Benefits of ground source heat pumps  

Ground source heat pumps are fully automated, very energy efficient and save space. They are also low maintenance and save carbon emissions.

Drawbacks of ground source heat pumps  

Similarly to air source heat pumps, ground source heat pumps are expensive to install, with a large upfront payment, and can require a significant retrofit in poorly insulated homes to perform well. Installation can be disruptive, as it can mean digging up a garden or driveway, and underfloor heating and new radiators may also need to be installed.

This technology is also relatively new, so not all heating installers will be fully trained on how to install this type of system currently.

Water source heat pumps

Water source heat pumps extract heat energy from a water source, such as a lake, river or the sea, and use this to provide hot water and heating to a property. There are two types of water source heat pump systems: open loop and closed loop.

Open loop systems 

An open loop system will extract and filter the water, circulate it through the system, and release it back into the water source, or another alternative, such as a water well or borehole. These systems do not use a heat transfer fluid – the water itself is the fluid that is circulated through the heating system.

Closed loop systems 

A closed loop system continually circulates a mixture of water and refrigerant (also known as ‘brine’) through submerged or buried pipes. The water from the source does not get into the pipes. As the fluid flows through the pipes, it is heated by the water body, before returning to the heat pump.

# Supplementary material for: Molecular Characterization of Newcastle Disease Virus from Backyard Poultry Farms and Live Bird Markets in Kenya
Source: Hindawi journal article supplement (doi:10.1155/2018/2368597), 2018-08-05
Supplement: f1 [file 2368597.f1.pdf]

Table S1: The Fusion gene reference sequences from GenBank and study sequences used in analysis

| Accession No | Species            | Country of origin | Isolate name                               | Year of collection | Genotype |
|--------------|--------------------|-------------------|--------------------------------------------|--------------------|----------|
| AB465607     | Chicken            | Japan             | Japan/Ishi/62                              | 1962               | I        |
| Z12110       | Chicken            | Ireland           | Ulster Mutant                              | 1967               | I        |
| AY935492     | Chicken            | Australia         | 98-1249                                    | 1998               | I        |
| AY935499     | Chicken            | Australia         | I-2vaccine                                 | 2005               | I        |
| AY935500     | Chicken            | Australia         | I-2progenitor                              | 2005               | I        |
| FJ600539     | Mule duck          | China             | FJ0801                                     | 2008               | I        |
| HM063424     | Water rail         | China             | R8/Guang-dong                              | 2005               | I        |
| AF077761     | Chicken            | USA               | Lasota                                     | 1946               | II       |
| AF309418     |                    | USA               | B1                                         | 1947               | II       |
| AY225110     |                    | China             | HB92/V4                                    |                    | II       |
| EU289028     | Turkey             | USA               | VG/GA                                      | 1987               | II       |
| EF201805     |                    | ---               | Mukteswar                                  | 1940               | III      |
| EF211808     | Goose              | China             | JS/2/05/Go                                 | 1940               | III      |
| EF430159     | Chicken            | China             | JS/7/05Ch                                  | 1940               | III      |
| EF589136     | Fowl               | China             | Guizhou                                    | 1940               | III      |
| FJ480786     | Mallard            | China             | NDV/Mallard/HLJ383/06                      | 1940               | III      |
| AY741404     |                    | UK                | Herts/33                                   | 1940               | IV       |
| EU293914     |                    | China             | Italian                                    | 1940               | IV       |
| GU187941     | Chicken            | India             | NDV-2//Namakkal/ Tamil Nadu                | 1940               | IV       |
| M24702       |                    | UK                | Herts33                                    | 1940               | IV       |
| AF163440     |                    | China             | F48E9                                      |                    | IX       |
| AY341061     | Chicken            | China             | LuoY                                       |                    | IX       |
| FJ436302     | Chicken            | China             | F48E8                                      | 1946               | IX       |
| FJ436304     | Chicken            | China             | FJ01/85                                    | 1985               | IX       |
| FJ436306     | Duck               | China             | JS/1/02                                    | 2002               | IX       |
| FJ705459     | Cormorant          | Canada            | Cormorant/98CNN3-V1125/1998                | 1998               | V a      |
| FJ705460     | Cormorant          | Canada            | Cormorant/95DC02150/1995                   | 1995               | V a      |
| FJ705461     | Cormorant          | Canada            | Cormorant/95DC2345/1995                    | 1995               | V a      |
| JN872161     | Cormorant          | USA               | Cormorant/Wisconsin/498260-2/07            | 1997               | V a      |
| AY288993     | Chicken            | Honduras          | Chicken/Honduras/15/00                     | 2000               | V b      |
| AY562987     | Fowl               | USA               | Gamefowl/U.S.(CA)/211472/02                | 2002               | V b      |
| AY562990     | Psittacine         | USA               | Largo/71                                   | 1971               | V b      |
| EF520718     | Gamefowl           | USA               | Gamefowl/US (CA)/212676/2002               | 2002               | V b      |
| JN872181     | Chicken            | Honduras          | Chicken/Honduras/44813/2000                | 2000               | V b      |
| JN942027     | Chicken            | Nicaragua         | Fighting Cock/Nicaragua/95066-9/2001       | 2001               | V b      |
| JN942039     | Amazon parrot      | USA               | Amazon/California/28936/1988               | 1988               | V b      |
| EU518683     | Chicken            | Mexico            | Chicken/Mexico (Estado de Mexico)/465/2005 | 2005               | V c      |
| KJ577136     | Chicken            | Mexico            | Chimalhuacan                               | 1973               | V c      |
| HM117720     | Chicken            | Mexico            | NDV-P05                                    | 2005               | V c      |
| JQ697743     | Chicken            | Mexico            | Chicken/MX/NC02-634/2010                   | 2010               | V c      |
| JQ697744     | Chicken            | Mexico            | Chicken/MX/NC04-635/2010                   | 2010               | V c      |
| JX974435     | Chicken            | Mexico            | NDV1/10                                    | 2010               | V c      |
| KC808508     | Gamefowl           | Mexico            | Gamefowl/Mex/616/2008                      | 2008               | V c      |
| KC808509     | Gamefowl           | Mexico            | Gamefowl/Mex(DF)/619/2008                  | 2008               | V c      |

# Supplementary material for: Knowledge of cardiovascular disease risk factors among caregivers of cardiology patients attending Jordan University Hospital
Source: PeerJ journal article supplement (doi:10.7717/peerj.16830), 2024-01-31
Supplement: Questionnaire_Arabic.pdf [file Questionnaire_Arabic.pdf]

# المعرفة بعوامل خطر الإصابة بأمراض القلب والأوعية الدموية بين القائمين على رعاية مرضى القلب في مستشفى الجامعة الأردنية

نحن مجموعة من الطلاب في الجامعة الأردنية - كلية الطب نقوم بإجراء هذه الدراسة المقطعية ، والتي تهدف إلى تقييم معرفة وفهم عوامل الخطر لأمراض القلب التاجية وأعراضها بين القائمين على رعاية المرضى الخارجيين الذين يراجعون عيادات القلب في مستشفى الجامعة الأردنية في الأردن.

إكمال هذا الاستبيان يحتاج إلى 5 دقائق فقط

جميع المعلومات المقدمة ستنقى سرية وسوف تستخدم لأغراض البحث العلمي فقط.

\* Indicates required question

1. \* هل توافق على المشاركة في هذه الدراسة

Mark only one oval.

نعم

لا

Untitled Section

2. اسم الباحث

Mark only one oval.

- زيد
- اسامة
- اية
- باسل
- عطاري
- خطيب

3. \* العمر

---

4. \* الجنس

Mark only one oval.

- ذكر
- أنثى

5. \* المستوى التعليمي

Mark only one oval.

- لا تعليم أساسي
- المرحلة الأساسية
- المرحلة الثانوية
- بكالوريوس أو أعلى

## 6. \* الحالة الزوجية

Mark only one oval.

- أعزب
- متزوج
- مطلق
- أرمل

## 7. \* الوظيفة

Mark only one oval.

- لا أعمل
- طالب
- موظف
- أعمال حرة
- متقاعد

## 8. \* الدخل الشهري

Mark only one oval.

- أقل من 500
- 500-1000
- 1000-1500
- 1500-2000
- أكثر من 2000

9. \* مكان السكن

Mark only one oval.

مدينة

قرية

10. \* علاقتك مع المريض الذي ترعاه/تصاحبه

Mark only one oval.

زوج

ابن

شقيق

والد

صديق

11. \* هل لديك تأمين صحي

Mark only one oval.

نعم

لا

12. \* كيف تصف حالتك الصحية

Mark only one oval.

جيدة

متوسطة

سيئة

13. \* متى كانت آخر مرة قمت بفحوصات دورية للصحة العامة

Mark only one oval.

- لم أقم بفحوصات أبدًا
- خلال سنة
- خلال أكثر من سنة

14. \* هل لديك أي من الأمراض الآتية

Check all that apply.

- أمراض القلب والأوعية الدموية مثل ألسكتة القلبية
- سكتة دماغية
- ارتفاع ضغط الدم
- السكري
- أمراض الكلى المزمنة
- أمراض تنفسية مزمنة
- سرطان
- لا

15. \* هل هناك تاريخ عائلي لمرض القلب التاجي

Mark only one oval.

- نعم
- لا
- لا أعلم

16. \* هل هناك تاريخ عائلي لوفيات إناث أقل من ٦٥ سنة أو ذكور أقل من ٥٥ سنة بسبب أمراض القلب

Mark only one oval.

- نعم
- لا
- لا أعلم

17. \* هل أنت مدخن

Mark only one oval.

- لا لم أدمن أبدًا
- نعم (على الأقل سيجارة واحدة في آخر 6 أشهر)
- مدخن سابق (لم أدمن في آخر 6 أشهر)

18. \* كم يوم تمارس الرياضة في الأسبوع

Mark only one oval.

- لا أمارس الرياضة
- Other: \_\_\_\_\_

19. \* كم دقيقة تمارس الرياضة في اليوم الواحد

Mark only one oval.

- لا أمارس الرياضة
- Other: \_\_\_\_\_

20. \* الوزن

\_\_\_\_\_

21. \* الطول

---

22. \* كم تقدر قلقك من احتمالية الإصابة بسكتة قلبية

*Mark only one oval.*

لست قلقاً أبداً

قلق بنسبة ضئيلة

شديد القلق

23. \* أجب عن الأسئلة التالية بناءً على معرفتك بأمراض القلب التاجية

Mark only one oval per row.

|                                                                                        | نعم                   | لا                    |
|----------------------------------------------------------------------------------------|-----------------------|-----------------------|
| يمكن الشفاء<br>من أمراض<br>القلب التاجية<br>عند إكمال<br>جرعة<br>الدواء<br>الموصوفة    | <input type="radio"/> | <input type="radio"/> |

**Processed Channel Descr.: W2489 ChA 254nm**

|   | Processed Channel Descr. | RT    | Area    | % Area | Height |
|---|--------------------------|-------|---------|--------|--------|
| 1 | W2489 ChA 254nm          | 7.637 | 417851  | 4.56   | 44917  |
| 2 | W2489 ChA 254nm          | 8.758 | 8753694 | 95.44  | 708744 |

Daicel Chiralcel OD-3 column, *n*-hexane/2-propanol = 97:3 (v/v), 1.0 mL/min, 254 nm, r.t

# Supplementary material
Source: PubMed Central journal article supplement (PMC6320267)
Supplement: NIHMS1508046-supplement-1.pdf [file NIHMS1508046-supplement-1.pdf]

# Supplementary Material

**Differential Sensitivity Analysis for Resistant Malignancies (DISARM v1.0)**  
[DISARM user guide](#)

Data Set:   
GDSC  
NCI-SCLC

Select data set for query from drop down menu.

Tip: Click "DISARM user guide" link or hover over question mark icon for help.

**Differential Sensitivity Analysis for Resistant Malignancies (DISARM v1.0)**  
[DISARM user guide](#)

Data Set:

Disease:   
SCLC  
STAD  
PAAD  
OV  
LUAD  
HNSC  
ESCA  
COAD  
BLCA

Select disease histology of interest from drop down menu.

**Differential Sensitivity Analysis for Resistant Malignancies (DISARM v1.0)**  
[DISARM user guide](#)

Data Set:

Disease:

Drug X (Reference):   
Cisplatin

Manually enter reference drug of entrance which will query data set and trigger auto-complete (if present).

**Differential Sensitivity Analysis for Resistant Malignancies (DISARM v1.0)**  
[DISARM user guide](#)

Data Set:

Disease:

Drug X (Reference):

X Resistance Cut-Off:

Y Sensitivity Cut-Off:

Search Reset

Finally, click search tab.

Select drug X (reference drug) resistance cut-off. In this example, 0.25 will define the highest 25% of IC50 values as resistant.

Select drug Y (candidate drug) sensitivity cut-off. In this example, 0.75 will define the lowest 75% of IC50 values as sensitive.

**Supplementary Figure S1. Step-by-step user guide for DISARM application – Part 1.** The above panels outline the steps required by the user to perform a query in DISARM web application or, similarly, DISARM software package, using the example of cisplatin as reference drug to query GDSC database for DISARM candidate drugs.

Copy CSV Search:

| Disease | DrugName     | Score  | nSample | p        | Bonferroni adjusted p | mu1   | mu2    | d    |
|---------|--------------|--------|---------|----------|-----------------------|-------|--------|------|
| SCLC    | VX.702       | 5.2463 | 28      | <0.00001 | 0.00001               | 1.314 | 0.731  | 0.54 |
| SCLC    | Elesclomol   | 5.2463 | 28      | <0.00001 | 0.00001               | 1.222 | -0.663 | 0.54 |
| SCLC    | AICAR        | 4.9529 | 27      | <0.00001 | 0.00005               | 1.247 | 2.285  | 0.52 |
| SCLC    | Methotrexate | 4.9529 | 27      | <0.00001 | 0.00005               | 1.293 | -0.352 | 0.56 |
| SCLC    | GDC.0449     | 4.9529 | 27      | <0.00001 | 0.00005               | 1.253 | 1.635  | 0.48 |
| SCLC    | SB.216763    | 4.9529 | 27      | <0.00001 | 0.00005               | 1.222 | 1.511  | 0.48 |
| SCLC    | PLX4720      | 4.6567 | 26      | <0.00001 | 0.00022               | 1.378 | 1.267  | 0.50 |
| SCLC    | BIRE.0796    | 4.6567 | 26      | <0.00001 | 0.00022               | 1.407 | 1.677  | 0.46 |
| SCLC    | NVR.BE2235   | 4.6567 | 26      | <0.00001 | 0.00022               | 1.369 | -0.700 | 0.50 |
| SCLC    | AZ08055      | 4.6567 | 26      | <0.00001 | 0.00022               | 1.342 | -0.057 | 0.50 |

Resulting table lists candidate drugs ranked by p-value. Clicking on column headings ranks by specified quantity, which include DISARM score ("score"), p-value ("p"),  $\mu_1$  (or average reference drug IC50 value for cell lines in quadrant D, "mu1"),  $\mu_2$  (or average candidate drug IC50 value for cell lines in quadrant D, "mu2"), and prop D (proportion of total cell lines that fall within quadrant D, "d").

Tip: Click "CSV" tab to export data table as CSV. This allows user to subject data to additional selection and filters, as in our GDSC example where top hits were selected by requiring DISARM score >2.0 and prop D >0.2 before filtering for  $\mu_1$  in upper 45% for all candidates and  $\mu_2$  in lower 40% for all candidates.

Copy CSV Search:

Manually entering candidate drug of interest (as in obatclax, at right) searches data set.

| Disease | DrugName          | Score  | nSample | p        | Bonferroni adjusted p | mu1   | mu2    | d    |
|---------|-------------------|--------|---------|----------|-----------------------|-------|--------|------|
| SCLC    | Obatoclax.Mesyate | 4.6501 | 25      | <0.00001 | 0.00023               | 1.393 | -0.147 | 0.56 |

Benefits of water source heat pumps  

Water source heat pumps are generally more efficient than ground and air source systems because heat transfers better in water.

Drawbacks of water source heat pumps  

Water source heat pumps have a have high upfront cost with an average payback period of five years. The installation of the heat pump can also be quite difficult, as they need to be close to a water source.

Solar thermal heating

Solar thermal panels can be fitted to a roof and contain tubes of fluid that absorb heat from the sun. This hot fluid is then transferred to a hot water storage tank via a heat exchanger.

Benefits of solar thermal heating  

Solar thermal heating uses a readily available and free source of energy from the sun and can be integrated into an existing system. Solar panels have no CO2 emissions during operation and can provide cost savings.

Drawbacks of solar thermal heating  

Solar thermal heating is intermittent and has a low energy density. Panel installation costs can be high and they require a large amount of roof space.

Biomass boilers

Biomass heating systems burn wood chip, wood pellets or logs to provide heat in a single room or power central heating and hot water boilers.

Benefits of biomass boilers  

Biomass boilers are often a renewable and low-carbon fuel type, which means homeowners can run a heating system with a reduction in carbon emissions. These systems are also very efficient and can be cost-effective to run.

Drawbacks of biomass boilers  

Biomass boilers need a lot of space because the systems are generally large and they have a high upfront cost. There can also be some additional costs associated with maintenance and the price of biomass pellets can vary.

To find out more about different low carbon technologies for off-grid homes, speak to Liquid Gas UK.